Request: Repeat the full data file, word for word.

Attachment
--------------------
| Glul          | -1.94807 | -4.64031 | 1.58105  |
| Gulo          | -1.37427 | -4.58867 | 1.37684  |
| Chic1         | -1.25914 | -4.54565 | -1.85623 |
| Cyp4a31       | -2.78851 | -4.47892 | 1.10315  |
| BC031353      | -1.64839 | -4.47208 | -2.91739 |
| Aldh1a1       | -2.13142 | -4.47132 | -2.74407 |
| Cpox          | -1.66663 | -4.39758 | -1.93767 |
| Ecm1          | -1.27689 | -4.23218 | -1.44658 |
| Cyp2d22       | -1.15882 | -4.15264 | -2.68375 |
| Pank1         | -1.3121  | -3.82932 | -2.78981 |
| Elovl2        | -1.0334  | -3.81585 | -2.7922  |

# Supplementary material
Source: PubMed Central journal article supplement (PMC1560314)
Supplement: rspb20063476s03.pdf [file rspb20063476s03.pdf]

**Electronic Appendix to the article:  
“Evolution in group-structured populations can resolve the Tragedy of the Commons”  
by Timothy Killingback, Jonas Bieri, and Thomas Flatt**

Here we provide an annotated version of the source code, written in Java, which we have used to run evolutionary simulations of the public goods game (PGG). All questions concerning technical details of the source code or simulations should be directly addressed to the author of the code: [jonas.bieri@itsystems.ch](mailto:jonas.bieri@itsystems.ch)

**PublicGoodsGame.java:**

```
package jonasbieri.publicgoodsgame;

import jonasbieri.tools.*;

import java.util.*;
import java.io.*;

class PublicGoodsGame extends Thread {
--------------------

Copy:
| Glul          | -1.94807 | -4.64031 | 1.58105  |
| Gulo          | -1.37427 | -4.58867 | 1.37684  |
| Chic1         | -1.25914 | -4.54565 | -1.85623 |
| Cyp4a31       | -2.78851 | -4.47892 | 1.10315  |
| BC031353      | -1.64839 | -4.47208 | -2.91739 |
| Aldh1a1       | -2.13142 | -4.47132 | -2.74407 |
| Cpox          | -1.66663 | -4.39758 | -1.93767 |
| Ecm1          | -1.27689 | -4.23218 | -1.44658 |
| Cyp2d22       | -1.15882 | -4.15264 | -2.68375 |
| Pank1         | -1.3121  | -3.82932 | -2.78981 |
| Elovl2        | -1.0334  | -3.81585 | -2.7922  |

# Supplementary material
Source: PubMed Central journal article supplement (PMC1560314)
Supplement: rspb20063476s03.pdf [file rspb20063476s03.pdf]

**Electronic Appendix to the article:  
“Evolution in group-structured populations can resolve the Tragedy of the Commons”  
by Timothy Killingback, Jonas Bieri, and Thomas Flatt**

Here we provide an annotated version of the source code, written in Java, which we have used to run evolutionary simulations of the public goods game (PGG). All questions concerning technical details of the source code or simulations should be directly addressed to the author of the code: [jonas.bieri@itsystems.ch](mailto:jonas.bieri@itsystems.ch)

**PublicGoodsGame.java:**

```
package jonasbieri.publicgoodsgame;

import jonasbieri.tools.*;

import java.util.*;
import java.io.*;

class PublicGoodsGame extends Thread {